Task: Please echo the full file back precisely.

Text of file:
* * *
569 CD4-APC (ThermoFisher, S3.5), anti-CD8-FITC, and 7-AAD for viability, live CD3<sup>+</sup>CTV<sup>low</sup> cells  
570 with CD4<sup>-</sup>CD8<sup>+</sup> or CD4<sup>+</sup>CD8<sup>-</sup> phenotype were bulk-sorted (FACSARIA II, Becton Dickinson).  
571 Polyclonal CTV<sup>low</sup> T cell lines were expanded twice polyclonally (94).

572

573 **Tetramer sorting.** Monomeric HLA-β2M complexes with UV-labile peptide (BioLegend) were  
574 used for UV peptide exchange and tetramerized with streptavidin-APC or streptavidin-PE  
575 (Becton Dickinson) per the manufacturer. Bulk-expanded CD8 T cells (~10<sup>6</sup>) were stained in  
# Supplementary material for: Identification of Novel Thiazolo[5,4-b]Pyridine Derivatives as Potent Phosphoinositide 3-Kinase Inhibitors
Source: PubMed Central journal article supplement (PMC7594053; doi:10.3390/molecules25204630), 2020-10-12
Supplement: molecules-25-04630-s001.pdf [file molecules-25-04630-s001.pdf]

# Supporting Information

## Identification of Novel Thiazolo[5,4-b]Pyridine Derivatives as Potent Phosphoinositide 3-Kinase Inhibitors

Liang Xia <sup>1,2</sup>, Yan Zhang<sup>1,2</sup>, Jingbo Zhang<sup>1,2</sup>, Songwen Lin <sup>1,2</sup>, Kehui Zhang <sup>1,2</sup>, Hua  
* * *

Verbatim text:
569 CD4-APC (ThermoFisher, S3.5), anti-CD8-FITC, and 7-AAD for viability, live CD3<sup>+</sup>CTV<sup>low</sup> cells  
570 with CD4<sup>-</sup>CD8<sup>+</sup> or CD4<sup>+</sup>CD8<sup>-</sup> phenotype were bulk-sorted (FACSARIA II, Becton Dickinson).  
571 Polyclonal CTV<sup>low</sup> T cell lines were expanded twice polyclonally (94).

572

573 **Tetramer sorting.** Monomeric HLA-β2M complexes with UV-labile peptide (BioLegend) were  
574 used for UV peptide exchange and tetramerized with streptavidin-APC or streptavidin-PE  
575 (Becton Dickinson) per the manufacturer. Bulk-expanded CD8 T cells (~10<sup>6</sup>) were stained in  
# Supplementary material for: Identification of Novel Thiazolo[5,4-b]Pyridine Derivatives as Potent Phosphoinositide 3-Kinase Inhibitors
Source: PubMed Central journal article supplement (PMC7594053; doi:10.3390/molecules25204630), 2020-10-12
Supplement: molecules-25-04630-s001.pdf [file molecules-25-04630-s001.pdf]

# Supporting Information

## Identification of Novel Thiazolo[5,4-b]Pyridine Derivatives as Potent Phosphoinositide 3-Kinase Inhibitors

Liang Xia <sup>1,2</sup>, Yan Zhang<sup>1,2</sup>, Jingbo Zhang<sup>1,2</sup>, Songwen Lin <sup>1,2</sup>, Kehui Zhang <sup>1,2</sup>, Hua  